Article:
Bobby Kotick, CEO of Activision Blizzard is taking a more traditional approach to building The Overwatch League — he’s building city-based teams. These first seven teams, placed all over the world, have some fairly recognizable names among them, including Robert Kraft, Jeff Wilpon, and a few folks you might recognize from the gaming world:
New team owners include:
- Robert Kraft, Chairman and CEO of the Kraft Group and the New England Patriots (Boston)
- Jeff Wilpon, Co-Founder and Partner of Sterling.VC and COO of the New York Mets (New York)
- Noah Whinston, CEO of Immortals (Los Angeles)
- Ben Spoont, CEO and Co-Founder of Misfits Gaming (Miami-Orlando)
- Andy Miller, Chairman and Founder of NRG Esports (San Francisco)
- NetEase (Shanghai)
- Kevin Chou, Co-Founder of Kabam (Seoul)
“Overwatch is a game about a diverse group of international heroes who fight for an optimistic vision of the future, and the Overwatch League is an extension of that spirit,” said Mike Morhaime, CEO and Co-Founder of Blizzard Entertainment. “We’re building this league for fans – eSports fans, traditional sports fans, gaming fans – and we’re thrilled to have individuals and organizations who are as passionate about professional competition as we are, and who have extensive experience in all three fields, representing our first major international cities in the league.”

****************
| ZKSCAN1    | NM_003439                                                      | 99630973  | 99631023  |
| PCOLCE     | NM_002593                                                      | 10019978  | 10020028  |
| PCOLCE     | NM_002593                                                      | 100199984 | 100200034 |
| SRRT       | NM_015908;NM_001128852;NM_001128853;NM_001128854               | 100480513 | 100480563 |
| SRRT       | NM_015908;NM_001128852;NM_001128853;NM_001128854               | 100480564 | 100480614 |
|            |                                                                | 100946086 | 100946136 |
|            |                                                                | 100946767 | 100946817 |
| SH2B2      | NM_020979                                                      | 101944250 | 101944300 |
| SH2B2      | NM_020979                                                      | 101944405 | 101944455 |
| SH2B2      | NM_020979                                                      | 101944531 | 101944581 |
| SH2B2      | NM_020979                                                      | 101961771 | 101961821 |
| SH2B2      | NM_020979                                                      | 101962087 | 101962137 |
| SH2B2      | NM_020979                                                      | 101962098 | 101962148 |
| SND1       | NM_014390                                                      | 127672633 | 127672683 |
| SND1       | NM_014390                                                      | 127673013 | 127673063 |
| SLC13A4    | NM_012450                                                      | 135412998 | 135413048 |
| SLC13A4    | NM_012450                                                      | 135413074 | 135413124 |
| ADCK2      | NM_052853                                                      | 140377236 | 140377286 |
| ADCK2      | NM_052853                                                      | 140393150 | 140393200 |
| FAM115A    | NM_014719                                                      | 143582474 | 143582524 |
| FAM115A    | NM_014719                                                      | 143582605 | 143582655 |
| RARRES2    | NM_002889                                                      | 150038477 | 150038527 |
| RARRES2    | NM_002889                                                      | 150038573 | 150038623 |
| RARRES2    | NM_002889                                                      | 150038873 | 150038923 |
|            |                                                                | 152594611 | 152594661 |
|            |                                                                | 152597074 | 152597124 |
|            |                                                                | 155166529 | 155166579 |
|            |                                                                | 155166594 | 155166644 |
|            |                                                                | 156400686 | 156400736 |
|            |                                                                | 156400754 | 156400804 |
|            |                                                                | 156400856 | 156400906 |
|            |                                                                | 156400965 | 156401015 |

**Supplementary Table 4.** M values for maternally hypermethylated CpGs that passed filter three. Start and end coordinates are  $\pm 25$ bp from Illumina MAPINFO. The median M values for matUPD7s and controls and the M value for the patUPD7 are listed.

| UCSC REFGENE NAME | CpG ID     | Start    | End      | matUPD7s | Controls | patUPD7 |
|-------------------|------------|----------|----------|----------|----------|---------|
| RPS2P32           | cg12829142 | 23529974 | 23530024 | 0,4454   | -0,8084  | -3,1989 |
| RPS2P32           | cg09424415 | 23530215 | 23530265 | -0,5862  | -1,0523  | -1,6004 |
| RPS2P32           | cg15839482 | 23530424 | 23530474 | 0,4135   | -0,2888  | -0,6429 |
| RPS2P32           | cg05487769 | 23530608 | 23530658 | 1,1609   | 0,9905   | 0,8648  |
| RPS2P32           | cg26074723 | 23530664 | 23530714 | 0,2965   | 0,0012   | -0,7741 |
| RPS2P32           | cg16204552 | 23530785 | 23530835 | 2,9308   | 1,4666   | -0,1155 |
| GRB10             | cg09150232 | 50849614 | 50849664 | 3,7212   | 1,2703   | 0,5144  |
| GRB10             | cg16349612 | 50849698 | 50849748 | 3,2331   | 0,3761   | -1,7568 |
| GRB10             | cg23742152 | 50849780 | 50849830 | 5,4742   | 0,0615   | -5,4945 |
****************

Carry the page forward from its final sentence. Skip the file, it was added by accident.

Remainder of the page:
Overwatch already reaches 30 million players, globally, and this unique expansion will allow it to take the next step in eSports in a way that no other agency has tried before.
The Overwatch League is slated to begin later this year, with regular-season matches being played in each home city as they develop their local venues for home and away play are built for future seasons. Matches will be played on Thursday, Friday, and Saturday. Like traditional sports, a full schedule and ticket sales information will be announced closer to launch, but that’s not the end of the parallels to for the sport.
Like football, baseball, basketball, or hockey, the Overwatch League will generate revenue through advertising, ticket sales, and broadcast rights, with teams receiving an equal share of all league-wide net revenues. Furthermore, the teams will receive all local revenues generated in their home territory. If that wasn’t enough, they’ll also be able to operate and monetize up to five amateur events in their home territory each year, creating a “minors” and “majors” sort of situation for new players. With 285 million people watching eSports each year, there’s certainly a niche to fill, here. If you ever wanted to play games competitively for a living, it’s time to put your money where your mouth is.